Similar to an acute-care nurse, a critical-care nurse looks after patients in intensive care units. They have to be able to use advanced tools and machinery, make quick decisions, advocate for their patients and make serious judgment calls on the spot. This is one of the more intense pathways or specialties for nurses working in the US, but at the same time, it’s certainly one of the most rewarding.

Air Force Nurses

Air Force nurses are employed directly by the United States Air Force. Therefore, they work in the military. As an Air Force nurse, you would be expected to provide care and treatment for servicemen, women, and their families worldwide. This is a great option for nurses who want to help treat a wide range of ailments and who wish to travel as much as possible while working.

Forensic Support Nurses

A forensic nurse specifically provides care for victims of crimes, often specializing in care and guidance for victims of grievous bodily harm and sexual assault. Beyond offering physical care, they also need to provide support victims can rely on to help get back to a healthy lifestyle.

Community Nurses

If you want to improve your community — or want to make a specific effort to help people within marginalized areas — then this is a great career path to follow. A community nurse is there to provide education and awareness to their communities about specific health risks, new health and safety measures, and more.

For example, during the COVID-19 pandemic, community nurses helped to deliver important information about lockdown measures and vaccines.

Burn-unit Nurses

By working in the burn unit specifically, a burn-unit nurse’s duties include stabilizing patients, preventing infections and organ failure, and upholding exceptional standards of care. Patients in burn units are some of the most at risk from fatal infections and injuries, meaning this specialty requires a very specific type of nurse.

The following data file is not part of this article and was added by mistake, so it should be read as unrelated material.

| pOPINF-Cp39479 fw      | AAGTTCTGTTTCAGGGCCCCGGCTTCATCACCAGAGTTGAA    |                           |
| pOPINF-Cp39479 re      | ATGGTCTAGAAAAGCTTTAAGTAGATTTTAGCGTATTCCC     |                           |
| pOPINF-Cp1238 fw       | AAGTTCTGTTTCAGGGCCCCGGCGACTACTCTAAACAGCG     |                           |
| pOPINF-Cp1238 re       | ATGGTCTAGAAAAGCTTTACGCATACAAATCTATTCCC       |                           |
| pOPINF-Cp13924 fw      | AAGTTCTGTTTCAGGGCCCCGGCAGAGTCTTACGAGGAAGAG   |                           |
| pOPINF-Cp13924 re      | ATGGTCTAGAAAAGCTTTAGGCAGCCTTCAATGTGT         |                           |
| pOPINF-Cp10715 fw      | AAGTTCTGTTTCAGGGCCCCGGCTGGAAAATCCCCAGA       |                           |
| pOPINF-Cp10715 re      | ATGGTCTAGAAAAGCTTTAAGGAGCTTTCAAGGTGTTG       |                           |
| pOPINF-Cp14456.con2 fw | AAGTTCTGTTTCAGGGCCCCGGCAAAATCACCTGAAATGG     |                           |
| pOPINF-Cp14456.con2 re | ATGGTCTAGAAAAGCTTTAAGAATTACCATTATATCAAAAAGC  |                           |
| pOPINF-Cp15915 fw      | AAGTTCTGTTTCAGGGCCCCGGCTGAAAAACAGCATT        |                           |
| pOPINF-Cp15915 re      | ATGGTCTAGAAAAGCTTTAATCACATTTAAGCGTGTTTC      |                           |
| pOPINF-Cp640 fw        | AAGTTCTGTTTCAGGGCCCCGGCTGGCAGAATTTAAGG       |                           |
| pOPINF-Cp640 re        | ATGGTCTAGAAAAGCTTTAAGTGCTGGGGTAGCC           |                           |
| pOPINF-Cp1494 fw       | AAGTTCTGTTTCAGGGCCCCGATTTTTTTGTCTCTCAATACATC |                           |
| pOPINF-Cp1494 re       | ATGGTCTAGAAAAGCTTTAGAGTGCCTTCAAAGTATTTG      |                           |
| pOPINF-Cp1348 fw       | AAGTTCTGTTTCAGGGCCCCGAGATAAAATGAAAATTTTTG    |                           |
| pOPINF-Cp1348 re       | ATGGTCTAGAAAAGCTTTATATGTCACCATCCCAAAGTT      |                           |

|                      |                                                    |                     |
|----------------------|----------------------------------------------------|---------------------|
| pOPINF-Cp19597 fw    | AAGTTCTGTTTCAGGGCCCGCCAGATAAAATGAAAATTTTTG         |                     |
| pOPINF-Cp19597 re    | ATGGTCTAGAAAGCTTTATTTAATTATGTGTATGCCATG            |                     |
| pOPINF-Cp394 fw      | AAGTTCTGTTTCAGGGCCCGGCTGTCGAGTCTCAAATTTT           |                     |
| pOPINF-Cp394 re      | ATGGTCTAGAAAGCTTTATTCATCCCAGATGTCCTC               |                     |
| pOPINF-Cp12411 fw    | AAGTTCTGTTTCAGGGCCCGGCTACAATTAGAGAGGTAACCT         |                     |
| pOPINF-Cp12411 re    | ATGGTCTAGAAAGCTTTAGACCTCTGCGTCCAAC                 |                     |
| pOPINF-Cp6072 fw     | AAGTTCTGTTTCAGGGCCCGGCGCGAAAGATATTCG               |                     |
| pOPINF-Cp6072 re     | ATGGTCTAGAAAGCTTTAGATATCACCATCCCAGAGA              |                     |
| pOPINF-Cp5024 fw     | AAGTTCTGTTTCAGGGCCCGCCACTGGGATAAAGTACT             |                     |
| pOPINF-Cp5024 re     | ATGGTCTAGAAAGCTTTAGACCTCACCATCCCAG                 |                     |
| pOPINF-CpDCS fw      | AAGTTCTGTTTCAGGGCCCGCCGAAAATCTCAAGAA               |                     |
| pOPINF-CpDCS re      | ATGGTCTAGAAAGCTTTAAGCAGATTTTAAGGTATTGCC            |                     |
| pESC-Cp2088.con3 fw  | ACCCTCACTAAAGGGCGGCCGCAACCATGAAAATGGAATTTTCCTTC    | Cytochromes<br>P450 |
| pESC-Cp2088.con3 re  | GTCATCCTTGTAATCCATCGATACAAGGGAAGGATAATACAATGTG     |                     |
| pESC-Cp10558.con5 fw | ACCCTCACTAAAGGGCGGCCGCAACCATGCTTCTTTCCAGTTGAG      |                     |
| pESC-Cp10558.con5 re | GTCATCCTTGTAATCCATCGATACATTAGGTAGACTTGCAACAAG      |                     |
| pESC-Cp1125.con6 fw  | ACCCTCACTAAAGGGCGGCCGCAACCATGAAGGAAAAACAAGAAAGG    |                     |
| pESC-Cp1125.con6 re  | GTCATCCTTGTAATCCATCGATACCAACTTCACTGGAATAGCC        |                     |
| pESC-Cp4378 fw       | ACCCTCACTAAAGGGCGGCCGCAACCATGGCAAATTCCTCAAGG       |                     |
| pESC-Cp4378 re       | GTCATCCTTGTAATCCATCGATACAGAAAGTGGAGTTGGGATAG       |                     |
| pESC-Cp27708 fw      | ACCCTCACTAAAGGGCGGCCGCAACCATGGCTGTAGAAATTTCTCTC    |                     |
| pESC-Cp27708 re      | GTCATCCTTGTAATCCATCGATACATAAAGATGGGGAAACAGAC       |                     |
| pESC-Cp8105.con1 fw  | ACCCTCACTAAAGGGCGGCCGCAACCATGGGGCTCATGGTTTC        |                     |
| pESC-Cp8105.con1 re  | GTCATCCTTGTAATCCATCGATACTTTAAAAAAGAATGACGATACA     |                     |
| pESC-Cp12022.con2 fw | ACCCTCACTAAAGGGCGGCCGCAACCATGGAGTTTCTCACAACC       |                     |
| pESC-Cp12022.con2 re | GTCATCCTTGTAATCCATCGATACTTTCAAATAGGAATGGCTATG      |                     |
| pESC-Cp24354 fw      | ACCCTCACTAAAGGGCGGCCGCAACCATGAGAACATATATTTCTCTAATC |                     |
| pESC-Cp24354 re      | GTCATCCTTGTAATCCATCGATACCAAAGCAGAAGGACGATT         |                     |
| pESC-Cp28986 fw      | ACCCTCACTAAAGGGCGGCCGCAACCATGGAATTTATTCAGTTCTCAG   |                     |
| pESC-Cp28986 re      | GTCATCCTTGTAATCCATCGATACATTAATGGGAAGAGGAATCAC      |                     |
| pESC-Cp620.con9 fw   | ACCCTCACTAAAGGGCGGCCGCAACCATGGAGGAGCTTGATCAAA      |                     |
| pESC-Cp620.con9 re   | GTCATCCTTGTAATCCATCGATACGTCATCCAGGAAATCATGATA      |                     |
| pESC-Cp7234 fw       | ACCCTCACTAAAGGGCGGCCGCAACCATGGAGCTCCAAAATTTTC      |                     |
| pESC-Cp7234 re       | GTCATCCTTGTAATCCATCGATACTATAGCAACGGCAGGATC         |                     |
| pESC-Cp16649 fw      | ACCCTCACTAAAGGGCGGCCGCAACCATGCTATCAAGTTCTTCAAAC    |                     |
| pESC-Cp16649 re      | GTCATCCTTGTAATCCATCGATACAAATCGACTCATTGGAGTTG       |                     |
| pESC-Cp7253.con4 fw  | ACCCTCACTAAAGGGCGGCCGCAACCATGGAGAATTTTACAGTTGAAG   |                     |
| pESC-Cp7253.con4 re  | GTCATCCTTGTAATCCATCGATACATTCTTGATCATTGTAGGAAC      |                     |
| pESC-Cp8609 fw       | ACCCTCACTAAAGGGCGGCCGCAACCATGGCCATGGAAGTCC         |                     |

Diabetes Nurses

As the name suggests, nurses in this specialty focus on caring for patients with diabetes and educating them on how to manage their condition. Diabetes is one of the most complex conditions affecting millions of people, and it can afflict people of all ages and lifestyles. Therefore, you’ll need to be open, caring, and willing to provide a variety of care standards and options to your patients.

Oncology nurses

Oncology nursing surrounds the treatment of cancer patients. Specifically, nurses in this field will provide dedicated care and support to people at all stages of specific cancers. It’s possible to specialize in a given type of cancer, though many oncology nurses choose to support the whole gamut.

Oncology nurses are also responsible for helping to create care plans for patients with cancer. In some cases, this may require discussing and planning end-of-life care and communicating with the families of those who are afflicted.

Camp Nurses

As a camp nurse, you will generally provide care to children, counselors, and other campers at summer camps, holiday facilities, and parks. Beyond nursing, camp nurses are also often administrators within the camps and perform other duties to help keep everyone safe and healthy.